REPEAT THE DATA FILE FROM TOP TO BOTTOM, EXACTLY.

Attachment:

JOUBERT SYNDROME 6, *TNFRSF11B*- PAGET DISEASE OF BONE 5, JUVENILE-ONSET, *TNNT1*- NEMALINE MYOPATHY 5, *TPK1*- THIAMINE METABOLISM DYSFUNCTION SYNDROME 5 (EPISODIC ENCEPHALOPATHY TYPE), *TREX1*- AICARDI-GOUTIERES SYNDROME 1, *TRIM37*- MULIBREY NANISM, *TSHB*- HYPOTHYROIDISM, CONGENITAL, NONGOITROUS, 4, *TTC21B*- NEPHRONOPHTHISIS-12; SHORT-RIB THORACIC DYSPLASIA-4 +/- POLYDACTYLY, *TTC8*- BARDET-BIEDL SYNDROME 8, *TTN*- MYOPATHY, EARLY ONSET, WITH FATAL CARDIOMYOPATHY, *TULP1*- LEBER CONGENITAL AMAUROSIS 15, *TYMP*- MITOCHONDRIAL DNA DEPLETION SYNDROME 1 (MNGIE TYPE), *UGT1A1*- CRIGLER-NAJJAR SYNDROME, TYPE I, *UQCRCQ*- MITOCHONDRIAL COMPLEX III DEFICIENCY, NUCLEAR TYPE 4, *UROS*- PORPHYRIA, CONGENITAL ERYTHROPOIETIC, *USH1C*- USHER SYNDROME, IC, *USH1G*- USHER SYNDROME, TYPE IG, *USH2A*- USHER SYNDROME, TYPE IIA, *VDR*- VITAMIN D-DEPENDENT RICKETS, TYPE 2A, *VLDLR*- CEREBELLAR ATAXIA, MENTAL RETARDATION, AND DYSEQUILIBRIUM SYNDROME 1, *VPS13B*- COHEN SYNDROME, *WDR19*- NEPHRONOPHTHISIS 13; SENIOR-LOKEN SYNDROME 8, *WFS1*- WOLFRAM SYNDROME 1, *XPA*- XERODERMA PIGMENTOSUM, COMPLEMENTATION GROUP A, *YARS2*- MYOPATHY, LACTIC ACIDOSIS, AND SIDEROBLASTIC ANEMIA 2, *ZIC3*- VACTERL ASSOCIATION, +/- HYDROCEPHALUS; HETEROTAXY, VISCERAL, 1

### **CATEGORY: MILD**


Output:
JOUBERT SYNDROME 6, *TNFRSF11B*- PAGET DISEASE OF BONE 5, JUVENILE-ONSET, *TNNT1*- NEMALINE MYOPATHY 5, *TPK1*- THIAMINE METABOLISM DYSFUNCTION SYNDROME 5 (EPISODIC ENCEPHALOPATHY TYPE), *TREX1*- AICARDI-GOUTIERES SYNDROME 1, *TRIM37*- MULIBREY NANISM, *TSHB*- HYPOTHYROIDISM, CONGENITAL, NONGOITROUS, 4, *TTC21B*- NEPHRONOPHTHISIS-12; SHORT-RIB THORACIC DYSPLASIA-4 +/- POLYDACTYLY, *TTC8*- BARDET-BIEDL SYNDROME 8, *TTN*- MYOPATHY, EARLY ONSET, WITH FATAL CARDIOMYOPATHY, *TULP1*- LEBER CONGENITAL AMAUROSIS 15, *TYMP*- MITOCHONDRIAL DNA DEPLETION SYNDROME 1 (MNGIE TYPE), *UGT1A1*- CRIGLER-NAJJAR SYNDROME, TYPE I, *UQCRCQ*- MITOCHONDRIAL COMPLEX III DEFICIENCY, NUCLEAR TYPE 4, *UROS*- PORPHYRIA, CONGENITAL ERYTHROPOIETIC, *USH1C*- USHER SYNDROME, IC, *USH1G*- USHER SYNDROME, TYPE IG, *USH2A*- USHER SYNDROME, TYPE IIA, *VDR*- VITAMIN D-DEPENDENT RICKETS, TYPE 2A, *VLDLR*- CEREBELLAR ATAXIA, MENTAL RETARDATION, AND DYSEQUILIBRIUM SYNDROME 1, *VPS13B*- COHEN SYNDROME, *WDR19*- NEPHRONOPHTHISIS 13; SENIOR-LOKEN SYNDROME 8, *WFS1*- WOLFRAM SYNDROME 1, *XPA*- XERODERMA PIGMENTOSUM, COMPLEMENTATION GROUP A, *YARS2*- MYOPATHY, LACTIC ACIDOSIS, AND SIDEROBLASTIC ANEMIA 2, *ZIC3*- VACTERL ASSOCIATION, +/- HYDROCEPHALUS; HETEROTAXY, VISCERAL, 1

### **CATEGORY: MILD**